Update: 4.03.2020 — Thierry Costes is no longer an investor in Folie, a spokesperson told Eater.
A new brasserie, designed not just for London in the twenty first century, but explicitly for Soho right now, will open at 37 Golden Square in the summer 2019. It is project run by front-of-house Guillaume Depoix, a Frenchman who moved to London in 2014.
Depoix has worked in the hospitality business since he was 18 years old, starting out as a food runner at Cafe Marly, a restaurant owned by the Costes family, close to the Louvre museum in the French capital.
“I’ve always wanted to open my own restaurant,” he tells Eater London, smiling with only the slightest bit of apprehension. “It’s always been a dream.”
Depoix’s trajectory was not ordinary. By the age of 25 — after completing his studies and following a stage at Alain Ducasse’s three-Michelin-starred restaurant at the Plaza Athénée — he was back working with the Costes family, now as manager at Cafe Marly: evidently a self-assured and precious talent who’d earned the loyalty of his first employers. Depoix tells me the Costes family — specifically his mentor Thierry Costes —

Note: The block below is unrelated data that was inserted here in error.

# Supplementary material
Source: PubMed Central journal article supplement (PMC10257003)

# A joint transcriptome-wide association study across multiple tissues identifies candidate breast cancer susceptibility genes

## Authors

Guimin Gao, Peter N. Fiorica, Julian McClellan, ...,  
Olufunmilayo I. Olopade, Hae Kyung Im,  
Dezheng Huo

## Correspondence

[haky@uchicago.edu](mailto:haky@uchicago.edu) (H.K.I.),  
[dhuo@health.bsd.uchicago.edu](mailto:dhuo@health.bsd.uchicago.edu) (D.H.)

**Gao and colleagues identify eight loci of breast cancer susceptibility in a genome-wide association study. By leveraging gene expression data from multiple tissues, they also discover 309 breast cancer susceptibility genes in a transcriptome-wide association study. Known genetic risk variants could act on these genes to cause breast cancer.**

is an investor in the Folie project.
Having left France, Depoix travelled — to India and Costa Rica. But, it was in London, four years ago that he decided to settle. “The capital city of food and restaurants,” he calls it.
His roles in London have been serious, if unremarkable: going from operations manager at the Boundary Hotel in Shoreditch, working under the legendary Sir Terence Conran and Peter Prescott, before moving to the other side of the city where, with Juan Santa Cruz, he managed Casa Cruz in Notting Hill. The impression given is that Depoix was working for the credits, figuring out the business of restaurants in London, always biding his time for an opportunity that would become his.
Earlier this year, he found that opportunity. “The dream site,” as he calls it. It’s easy to understand why. It’s in the middle of Soho, right in the centre of London. It’s surrounded by offices of the creative industries — ad agencies, film production studios, and communications firms — the corner site on the edge of one of Soho’s three green spaces. “There are also very few cars,” he says, further emphasising his win.